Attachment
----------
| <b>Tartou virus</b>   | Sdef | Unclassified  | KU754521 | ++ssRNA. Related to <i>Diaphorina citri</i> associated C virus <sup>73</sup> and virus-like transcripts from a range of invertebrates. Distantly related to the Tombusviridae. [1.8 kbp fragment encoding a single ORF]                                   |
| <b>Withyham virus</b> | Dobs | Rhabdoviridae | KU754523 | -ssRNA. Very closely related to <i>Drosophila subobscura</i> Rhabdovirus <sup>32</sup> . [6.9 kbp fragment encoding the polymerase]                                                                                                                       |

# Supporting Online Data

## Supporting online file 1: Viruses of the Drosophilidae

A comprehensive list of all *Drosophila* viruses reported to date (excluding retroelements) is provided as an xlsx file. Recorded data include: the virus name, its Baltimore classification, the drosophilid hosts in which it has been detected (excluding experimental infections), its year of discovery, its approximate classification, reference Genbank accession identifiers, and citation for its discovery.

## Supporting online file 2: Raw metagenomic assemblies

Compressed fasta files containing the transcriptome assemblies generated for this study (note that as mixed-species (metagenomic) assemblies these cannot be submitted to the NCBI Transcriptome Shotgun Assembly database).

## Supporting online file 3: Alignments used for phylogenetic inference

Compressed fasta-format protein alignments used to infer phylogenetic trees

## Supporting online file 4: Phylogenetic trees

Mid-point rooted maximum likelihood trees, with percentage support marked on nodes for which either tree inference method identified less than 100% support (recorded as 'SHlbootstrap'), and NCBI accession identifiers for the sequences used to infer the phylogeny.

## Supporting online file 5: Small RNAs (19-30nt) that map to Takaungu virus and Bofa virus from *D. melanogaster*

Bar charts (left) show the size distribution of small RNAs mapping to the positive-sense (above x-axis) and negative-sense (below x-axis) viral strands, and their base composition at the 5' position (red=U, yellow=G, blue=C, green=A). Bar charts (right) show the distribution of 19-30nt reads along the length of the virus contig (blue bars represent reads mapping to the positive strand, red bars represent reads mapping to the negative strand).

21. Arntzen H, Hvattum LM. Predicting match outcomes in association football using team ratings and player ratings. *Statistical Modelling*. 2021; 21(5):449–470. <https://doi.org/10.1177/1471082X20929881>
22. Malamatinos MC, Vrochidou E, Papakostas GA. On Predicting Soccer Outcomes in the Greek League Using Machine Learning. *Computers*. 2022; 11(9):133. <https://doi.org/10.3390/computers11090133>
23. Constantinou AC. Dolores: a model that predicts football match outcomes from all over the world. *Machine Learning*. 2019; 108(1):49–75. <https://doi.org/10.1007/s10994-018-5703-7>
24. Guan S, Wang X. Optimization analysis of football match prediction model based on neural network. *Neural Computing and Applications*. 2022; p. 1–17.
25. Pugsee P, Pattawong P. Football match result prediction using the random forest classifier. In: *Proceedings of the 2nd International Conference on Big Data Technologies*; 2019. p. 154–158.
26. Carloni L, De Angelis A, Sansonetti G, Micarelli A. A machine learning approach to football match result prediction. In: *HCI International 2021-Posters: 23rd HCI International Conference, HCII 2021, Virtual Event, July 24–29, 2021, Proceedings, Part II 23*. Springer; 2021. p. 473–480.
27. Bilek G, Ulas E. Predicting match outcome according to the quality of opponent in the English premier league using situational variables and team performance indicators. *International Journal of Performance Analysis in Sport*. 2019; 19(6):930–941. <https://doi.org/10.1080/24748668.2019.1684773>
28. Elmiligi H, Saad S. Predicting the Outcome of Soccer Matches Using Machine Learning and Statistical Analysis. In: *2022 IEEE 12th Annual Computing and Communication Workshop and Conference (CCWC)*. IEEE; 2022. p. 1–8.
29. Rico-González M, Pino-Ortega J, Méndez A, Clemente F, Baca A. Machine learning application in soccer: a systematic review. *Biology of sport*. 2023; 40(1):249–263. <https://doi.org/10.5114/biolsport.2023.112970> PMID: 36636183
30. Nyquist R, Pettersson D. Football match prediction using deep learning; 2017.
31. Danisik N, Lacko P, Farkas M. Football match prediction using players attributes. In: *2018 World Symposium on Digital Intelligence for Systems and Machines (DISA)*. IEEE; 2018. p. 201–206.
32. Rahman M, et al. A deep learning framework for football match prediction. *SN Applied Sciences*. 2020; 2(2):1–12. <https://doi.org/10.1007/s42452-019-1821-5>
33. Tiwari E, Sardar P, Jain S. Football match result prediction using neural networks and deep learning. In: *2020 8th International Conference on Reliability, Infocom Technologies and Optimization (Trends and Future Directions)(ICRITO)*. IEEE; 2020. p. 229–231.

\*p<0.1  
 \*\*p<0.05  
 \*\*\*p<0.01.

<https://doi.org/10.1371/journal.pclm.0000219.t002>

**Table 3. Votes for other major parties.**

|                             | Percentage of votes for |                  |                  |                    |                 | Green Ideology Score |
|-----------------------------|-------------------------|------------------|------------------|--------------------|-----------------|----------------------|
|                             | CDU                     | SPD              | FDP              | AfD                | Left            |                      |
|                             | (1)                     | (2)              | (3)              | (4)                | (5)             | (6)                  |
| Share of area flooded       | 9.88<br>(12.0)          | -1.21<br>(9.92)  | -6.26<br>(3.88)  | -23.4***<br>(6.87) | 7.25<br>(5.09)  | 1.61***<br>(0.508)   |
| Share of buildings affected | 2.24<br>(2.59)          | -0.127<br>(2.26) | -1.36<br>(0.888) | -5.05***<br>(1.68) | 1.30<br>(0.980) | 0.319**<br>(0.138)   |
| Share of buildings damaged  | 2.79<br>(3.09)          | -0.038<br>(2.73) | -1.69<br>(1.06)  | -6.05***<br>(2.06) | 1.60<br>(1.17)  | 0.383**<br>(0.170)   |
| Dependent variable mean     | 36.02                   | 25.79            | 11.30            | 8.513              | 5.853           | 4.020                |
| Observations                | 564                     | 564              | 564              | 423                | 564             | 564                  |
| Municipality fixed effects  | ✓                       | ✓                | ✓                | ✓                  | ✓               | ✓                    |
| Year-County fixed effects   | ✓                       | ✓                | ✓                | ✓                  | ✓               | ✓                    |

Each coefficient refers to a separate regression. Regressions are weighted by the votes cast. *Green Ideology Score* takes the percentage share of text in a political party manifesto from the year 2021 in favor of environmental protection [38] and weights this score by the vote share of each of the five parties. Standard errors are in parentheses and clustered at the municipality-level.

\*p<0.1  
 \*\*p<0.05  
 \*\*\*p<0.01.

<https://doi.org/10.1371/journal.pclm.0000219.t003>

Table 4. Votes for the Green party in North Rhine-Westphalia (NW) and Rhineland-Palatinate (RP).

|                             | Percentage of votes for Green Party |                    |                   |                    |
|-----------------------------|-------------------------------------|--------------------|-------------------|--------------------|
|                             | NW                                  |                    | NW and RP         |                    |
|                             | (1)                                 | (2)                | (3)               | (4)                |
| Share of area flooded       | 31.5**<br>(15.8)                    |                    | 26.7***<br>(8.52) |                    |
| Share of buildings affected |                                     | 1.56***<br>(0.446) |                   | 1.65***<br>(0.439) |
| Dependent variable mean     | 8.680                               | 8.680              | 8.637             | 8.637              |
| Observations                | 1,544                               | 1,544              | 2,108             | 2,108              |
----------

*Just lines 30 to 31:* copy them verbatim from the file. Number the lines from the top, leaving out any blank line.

<https://doi.org/10.1371/journal.pclm.0000219.t002>

**Table 3. Votes for other major parties.**